Indian Pipe a rare and ghostly sighting
Published: Saturday, November 30, 2013 at 6:01 a.m.
Last Modified: Wednesday, November 27, 2013 at 10:46 a.m.
Q: We found a very unusual plant in the wooded part of our lot. It was a white plant with leaves that sort of looked like an asparagus spear with a flower on the top. I'm not sure it was a plant because it wasn't green. Do you know what this is?
A: You were treated to a rare sighting of a plant called the Indian Pipe or Monotropa uniflora. There have been reports of lots of flower clusters of this strange plant in the woods in North Central Florida this year. Sometimes, it is called the ghost plant because it is waxy white and survives completely without chlorophyll.
The Indian Pipe has scale-like leaves and a flower that droops over. Usually, you will find the flowers in clusters of five or more, on stems 4 to 12 inches tall.
They survive by deriving nutrition from underground fungi that live on the forest trees. It isn't harming the trees; the Indian Pipe is just part of the forest ecology. This plant is in the blueberry family and is native to most of North America. The flowers will only be seen for a few weeks, so it is a great time to hike the woods in search of the Indian Pipe. They are easy to spot. Look for them in the shady woods on or near decaying plant matter and in the surface leaf litter. For more information about native plants and Florida- friendly landscaping, call the UF/IFAS Extension Alachua County Master Gardeners at 955-2402.
Q: We have fire ants in our raised-bed vegetable gardens. They are attacking us every time we pick lettuce or greens. Our fall garden is growing really well, but please help us get rid of these darn ants. We try to use organic gardening methods as much as possible.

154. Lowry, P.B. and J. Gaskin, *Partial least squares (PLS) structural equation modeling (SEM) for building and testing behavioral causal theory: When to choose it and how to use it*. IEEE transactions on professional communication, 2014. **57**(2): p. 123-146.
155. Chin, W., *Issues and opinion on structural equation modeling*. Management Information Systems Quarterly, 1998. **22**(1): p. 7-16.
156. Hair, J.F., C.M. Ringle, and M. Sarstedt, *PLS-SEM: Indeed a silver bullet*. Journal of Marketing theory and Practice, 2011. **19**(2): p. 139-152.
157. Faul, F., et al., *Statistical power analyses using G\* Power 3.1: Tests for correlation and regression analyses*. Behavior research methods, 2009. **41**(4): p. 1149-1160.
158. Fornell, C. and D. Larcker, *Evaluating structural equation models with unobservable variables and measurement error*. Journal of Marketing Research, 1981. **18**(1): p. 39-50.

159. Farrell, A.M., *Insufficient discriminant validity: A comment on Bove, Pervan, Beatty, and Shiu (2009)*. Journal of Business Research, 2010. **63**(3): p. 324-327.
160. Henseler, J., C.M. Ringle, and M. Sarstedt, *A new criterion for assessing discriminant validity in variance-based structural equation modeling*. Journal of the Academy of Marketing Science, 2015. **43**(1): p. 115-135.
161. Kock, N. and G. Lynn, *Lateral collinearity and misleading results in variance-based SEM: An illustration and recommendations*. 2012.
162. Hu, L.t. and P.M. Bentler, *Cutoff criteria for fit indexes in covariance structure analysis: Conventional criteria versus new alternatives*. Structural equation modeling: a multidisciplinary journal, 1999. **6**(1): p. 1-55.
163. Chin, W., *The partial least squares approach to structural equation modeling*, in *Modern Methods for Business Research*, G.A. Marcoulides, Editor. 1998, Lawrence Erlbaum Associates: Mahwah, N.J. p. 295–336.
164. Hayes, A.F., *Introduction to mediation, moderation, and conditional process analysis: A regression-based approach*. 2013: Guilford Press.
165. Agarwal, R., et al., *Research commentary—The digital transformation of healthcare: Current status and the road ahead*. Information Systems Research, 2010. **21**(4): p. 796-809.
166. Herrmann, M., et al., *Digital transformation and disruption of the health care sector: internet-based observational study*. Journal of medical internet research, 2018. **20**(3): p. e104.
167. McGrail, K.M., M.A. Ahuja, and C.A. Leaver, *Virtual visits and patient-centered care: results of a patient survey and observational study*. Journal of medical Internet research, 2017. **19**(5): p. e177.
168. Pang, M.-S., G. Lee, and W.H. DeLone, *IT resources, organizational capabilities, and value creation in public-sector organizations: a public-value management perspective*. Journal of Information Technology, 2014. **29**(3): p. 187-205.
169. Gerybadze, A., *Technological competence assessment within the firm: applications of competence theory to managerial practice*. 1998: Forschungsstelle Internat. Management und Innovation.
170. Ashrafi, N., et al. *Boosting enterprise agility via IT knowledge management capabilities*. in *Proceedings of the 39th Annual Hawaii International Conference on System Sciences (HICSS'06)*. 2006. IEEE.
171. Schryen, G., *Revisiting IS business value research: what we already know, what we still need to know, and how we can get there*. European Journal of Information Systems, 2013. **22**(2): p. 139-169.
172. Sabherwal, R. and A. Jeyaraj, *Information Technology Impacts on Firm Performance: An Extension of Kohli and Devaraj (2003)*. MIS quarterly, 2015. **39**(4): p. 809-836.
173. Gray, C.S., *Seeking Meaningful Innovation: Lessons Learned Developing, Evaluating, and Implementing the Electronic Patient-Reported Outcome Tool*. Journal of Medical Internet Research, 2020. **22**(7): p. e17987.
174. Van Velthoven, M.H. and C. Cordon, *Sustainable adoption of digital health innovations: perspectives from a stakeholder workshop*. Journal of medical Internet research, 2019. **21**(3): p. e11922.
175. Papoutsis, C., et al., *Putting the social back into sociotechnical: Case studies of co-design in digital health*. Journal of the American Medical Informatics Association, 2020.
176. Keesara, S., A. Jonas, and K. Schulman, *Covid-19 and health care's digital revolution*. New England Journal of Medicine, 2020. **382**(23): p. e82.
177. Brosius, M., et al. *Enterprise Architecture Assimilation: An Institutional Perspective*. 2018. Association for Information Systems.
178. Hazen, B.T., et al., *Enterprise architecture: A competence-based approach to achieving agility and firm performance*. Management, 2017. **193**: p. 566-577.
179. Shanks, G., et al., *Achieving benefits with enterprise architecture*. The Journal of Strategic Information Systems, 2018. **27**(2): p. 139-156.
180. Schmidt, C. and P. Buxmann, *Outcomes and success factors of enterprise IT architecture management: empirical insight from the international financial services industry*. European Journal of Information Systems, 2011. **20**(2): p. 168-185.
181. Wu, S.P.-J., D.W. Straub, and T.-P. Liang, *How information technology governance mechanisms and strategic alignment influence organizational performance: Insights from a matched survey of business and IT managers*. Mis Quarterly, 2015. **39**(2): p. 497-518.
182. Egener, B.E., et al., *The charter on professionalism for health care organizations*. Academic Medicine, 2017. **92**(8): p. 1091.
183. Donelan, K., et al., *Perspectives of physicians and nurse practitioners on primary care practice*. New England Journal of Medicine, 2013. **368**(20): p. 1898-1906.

A: Sometimes, ants move into the vegetable garden, and, as you have discovered, they are a real nuisance, especially when weeding or harvesting. Ants do not normally feed on the vegetable plants, but you might see them on some plants tending aphids or feeding on buds of plants like okra.
When fire ants are in the garden beds, you can shovel the mound out and move it away from the garden area.
Perform this fun task with a long-handled shovel and with gloves on. Another organic approach is to pour very hot water on to the mound. This usually disturbs them enough for them to move along. If you choose to use the hot water approach, be very careful not to burn yourself.
Some organic gardeners use a product with d-limonene. This is contained in orange oil and is sold as a soil amendment (Safer Brand Fire Ant Killer or Orange Guard).
Our usual go-to ant bait treatment like Amdro is not labeled for use in the vegetable garden. Only a few bait products are labeled for home gardens. Look for one called Fertilome Come and Get It with the active ingredient of spinosad.
One of the best ways to keep ants from entering the garden is to manage them properly in the landscape. Do this by treating mounds with baits outside the garden. For more information about managing fire ants in the garden and around the home, visit the UF/IFAS Extension website www.solutionsforyourlife.com.
Wendy Wilber is an extension agent with UF/IFAS. Email her at email@example.com.
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